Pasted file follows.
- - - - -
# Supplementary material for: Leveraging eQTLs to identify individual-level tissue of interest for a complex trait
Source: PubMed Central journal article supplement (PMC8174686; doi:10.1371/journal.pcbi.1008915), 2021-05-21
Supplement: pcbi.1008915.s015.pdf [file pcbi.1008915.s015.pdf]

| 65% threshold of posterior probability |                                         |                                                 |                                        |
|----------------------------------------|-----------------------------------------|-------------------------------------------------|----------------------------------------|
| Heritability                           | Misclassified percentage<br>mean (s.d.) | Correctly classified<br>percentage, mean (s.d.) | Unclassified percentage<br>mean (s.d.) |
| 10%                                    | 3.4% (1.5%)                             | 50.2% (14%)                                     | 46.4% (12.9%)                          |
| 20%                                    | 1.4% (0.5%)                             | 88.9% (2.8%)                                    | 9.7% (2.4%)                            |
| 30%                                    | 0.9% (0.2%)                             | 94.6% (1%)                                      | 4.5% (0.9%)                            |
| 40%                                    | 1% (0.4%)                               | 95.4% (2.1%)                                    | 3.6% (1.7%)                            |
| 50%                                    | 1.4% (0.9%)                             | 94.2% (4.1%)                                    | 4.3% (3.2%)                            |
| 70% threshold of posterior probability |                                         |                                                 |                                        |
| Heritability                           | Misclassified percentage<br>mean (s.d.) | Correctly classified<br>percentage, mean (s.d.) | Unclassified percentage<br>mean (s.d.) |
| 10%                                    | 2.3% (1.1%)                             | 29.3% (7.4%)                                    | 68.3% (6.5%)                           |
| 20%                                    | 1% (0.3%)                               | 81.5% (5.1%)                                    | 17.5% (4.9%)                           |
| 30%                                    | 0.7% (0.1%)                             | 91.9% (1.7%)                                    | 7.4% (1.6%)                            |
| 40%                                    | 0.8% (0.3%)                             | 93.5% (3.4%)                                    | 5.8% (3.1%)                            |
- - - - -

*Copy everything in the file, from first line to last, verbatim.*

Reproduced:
# Supplementary material for: Leveraging eQTLs to identify individual-level tissue of interest for a complex trait
Source: PubMed Central journal article supplement (PMC8174686; doi:10.1371/journal.pcbi.1008915), 2021-05-21
Supplement: pcbi.1008915.s015.pdf [file pcbi.1008915.s015.pdf]

| 65% threshold of posterior probability |                                         |                                                 |                                        |
|----------------------------------------|-----------------------------------------|-------------------------------------------------|----------------------------------------|
| Heritability                           | Misclassified percentage<br>mean (s.d.) | Correctly classified<br>percentage, mean (s.d.) | Unclassified percentage<br>mean (s.d.) |
| 10%                                    | 3.4% (1.5%)                             | 50.2% (14%)                                     | 46.4% (12.9%)                          |
| 20%                                    | 1.4% (0.5%)                             | 88.9% (2.8%)                                    | 9.7% (2.4%)                            |
| 30%                                    | 0.9% (0.2%)                             | 94.6% (1%)                                      | 4.5% (0.9%)                            |
| 40%                                    | 1% (0.4%)                               | 95.4% (2.1%)                                    | 3.6% (1.7%)                            |
| 50%                                    | 1.4% (0.9%)                             | 94.2% (4.1%)                                    | 4.3% (3.2%)                            |
| 70% threshold of posterior probability |                                         |                                                 |                                        |
| Heritability                           | Misclassified percentage<br>mean (s.d.) | Correctly classified<br>percentage, mean (s.d.) | Unclassified percentage<br>mean (s.d.) |
| 10%                                    | 2.3% (1.1%)                             | 29.3% (7.4%)                                    | 68.3% (6.5%)                           |
| 20%                                    | 1% (0.3%)                               | 81.5% (5.1%)                                    | 17.5% (4.9%)                           |
| 30%                                    | 0.7% (0.1%)                             | 91.9% (1.7%)                                    | 7.4% (1.6%)                            |
| 40%                                    | 0.8% (0.3%)                             | 93.5% (3.4%)                                    | 5.8% (3.1%)                            |